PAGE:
Minn. Stat. § 480A.08, subd. 3 (1996).
STATE OF MINNESOTA
IN COURT OF APPEALS
State of Minnesota,
File No. K394598
Mark D. Nyvold, Suite 1030, 46 E. Fourth Street, St. Paul, MN 55101 (for appellant)
Hubert H. Humphrey III, Attorney General, Natalie E. Hudson, Assistant Attorney General, 1400 NCL Tower, 445 Minnesota Street, St. Paul, MN 55101; and
Michelle Moren, Roseau County Attorney, 606 5th Avenue SE, Room 10, Roseau, MN 56751 (for respondent)
Considered and decided by Kalitowski, Presiding Judge, Schumacher, Judge, and Davies, Judge.
Appellant Edward Joseph Boroski contends the district court erred in denying his postconviction claim. Boroski contends he received ineffective assistance of counsel because after failing to advise him of a mandatory minimum prison sentence his trial counsel failed to inform him that he could attempt to withdraw his guilty plea prior to sentencing. We affirm.
If there is sufficient evidence to support the postconviction court's findings, we will not reverse its decision absent an abuse of discretion. Scruggs v. State, 484 N.W.2d 21, 25 (Minn. 1992).
This court may dispose of an ineffective assistance of counsel claim when the appellant fails to prove there was a reasonable probability the outcome would have been different.
Hale v. State, 566 N.W.2d 923, 927 (Minn. 1997). "An appellate court cannot judge the credibility of a witness or the weight, if any, to be given to testimony." Sigurdson v. Isanti County, 386 N.W.2d 715, 721 (Minn. 1986).
[W]hen the record contains credible evidence to support the fact findings and those findings support the trial court's conclusion, we may not reverse just because we might have found the facts differently in the first instance.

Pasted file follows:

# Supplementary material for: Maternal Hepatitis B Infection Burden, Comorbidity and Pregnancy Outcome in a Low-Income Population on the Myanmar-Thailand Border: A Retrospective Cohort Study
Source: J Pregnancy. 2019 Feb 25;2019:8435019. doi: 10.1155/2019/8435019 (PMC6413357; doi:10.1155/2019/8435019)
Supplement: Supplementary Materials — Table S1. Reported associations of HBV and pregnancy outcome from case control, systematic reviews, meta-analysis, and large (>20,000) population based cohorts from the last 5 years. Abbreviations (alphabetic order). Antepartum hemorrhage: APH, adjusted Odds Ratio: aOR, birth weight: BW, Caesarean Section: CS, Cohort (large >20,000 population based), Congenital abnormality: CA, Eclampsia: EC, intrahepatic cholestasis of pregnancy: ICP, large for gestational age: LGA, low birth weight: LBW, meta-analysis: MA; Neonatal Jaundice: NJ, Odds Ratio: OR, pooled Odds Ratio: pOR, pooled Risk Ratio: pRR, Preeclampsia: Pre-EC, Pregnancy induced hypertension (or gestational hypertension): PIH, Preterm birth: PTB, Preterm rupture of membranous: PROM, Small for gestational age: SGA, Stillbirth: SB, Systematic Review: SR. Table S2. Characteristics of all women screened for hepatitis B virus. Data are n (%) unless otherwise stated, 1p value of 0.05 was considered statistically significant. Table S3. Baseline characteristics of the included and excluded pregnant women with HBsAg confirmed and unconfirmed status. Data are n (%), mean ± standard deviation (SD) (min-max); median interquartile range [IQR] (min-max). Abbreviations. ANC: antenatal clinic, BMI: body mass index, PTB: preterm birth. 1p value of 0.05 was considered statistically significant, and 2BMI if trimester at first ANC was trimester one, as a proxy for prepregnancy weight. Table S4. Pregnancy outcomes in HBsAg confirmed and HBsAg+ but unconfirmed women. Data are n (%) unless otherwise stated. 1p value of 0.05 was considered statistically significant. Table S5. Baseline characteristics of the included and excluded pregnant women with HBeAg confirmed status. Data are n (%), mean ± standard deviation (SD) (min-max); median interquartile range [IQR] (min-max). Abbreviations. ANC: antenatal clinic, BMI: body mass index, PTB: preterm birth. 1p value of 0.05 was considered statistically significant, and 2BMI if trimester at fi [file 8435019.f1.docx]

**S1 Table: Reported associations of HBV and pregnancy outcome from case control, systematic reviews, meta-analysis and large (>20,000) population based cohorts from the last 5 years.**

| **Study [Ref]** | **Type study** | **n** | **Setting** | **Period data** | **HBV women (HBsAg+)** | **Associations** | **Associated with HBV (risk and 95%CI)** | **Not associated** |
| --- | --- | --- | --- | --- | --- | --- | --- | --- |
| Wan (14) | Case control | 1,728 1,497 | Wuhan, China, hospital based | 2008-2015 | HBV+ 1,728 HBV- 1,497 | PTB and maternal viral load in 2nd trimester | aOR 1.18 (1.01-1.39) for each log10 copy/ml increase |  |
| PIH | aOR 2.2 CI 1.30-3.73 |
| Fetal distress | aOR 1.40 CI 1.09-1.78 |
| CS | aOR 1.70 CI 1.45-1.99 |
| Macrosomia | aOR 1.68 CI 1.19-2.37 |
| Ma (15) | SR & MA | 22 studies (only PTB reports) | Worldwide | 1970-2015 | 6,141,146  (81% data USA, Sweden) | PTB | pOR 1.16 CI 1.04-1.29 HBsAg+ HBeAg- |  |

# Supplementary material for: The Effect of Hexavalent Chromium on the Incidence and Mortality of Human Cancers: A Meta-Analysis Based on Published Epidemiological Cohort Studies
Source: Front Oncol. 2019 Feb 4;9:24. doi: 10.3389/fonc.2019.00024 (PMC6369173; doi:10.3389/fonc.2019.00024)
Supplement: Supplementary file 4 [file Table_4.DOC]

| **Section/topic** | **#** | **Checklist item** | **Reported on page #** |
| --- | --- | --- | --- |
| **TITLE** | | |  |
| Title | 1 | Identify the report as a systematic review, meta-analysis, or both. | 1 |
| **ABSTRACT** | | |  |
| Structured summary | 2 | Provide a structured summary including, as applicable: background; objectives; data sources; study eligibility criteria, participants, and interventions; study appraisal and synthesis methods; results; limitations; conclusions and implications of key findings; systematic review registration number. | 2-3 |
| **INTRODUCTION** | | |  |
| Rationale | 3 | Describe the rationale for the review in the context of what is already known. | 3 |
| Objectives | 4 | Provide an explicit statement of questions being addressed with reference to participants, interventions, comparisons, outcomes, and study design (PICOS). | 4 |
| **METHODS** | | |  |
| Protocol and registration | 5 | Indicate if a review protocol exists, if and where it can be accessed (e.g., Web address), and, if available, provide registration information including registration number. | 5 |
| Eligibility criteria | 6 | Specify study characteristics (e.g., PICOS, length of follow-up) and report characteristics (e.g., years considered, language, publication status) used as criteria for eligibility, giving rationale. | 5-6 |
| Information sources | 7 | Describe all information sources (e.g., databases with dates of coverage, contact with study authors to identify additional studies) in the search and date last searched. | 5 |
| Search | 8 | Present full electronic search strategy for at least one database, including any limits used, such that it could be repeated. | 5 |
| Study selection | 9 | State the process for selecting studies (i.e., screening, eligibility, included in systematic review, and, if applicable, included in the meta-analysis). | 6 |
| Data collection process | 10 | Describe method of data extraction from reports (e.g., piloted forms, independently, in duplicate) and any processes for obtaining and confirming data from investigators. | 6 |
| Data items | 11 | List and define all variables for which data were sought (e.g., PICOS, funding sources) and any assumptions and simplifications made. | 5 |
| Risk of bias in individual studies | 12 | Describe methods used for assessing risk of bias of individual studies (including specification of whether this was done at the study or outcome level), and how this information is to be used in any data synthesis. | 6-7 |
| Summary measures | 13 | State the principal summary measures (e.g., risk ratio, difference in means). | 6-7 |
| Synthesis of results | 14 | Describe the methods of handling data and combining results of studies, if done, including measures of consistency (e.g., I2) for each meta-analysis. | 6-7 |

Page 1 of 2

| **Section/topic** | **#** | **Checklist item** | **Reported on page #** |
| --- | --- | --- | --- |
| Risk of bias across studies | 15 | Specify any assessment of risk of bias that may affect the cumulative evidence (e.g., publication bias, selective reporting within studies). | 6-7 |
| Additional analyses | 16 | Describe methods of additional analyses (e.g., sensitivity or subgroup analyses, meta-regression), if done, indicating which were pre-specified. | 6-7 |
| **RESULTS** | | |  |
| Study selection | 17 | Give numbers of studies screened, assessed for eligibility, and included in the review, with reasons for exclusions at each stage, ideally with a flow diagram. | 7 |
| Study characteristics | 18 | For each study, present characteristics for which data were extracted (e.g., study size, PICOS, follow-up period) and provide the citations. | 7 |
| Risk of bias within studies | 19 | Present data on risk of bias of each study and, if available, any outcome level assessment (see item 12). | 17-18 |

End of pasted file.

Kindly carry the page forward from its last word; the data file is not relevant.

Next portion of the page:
Stiff v. Associated Sewing Supply Co., 436 N.W.2d 777, 780 (Minn. 1989).
After pleading guilty, but before sentencing, Boroski learned, contrary to a statement by his trial counsel, that by pleading guilty he faced a mandatory minimum prison sentence of 36 months. The postconviction court properly concluded Boroski may have suffered prejudice because he was not informed that he could attempt to withdraw his plea before sentencing under the "fair and just" standard of Minn. R. Crim. P. 15.05, subd. 2, but instead attempted to withdraw his plea after sentencing under the stricter "manifest injustice" standard of Minn. R. Crim. P. 15.05, subd. 1. The postconviction court held an evidentiary hearing to determine whether there was a reasonable probability the outcome would have been different, which involved a determination as to whether Boroski would have attempted to withdraw his plea before sentencing if he had been advised of that option.
At the hearing Boroski claimed that if properly advised he would have attempted to withdraw his plea before sentencing. The postconviction court determined this claim lacked credibility because: (1) Boroski was faced with overwhelming evidence of his guilt; (2) Boroski had been informed by his trial counsel concerning the 10-year statutory maximum sentence; (3) when Boroski, who was represented by a different attorney than at trial, brought an appeal after sentencing, he made no attempt to have the conviction vacated; and (4) on the day that Boroski notified the court of his desire to plead guilty, the court was prepared to go forward with a jury trial.
We disagree with Boroski's contention that the district court's reasons for denying the postconviction petition are without support in the record. Further, we reject his argument that these reasons do not support the district court's conclusion that Boroski failed to demonstrate that he would have moved to withdraw his plea. In particular we note: (1) the evidence of Boroski's guilt included a confession, which had been held to be admissible at an omnibus hearing; (2) Boroski's trial counsel had informed him that the district court could exercise its discretion at sentencing; and (3) Boroski and his trial counsel agreed that trial counsel never promised Boroski that he would receive a specific sentence.
Given the support on the record for the court's findings and our limited standard of review, including our deference on the issue of Boroski's credibility, we cannot say the postconviction court abused its discretion.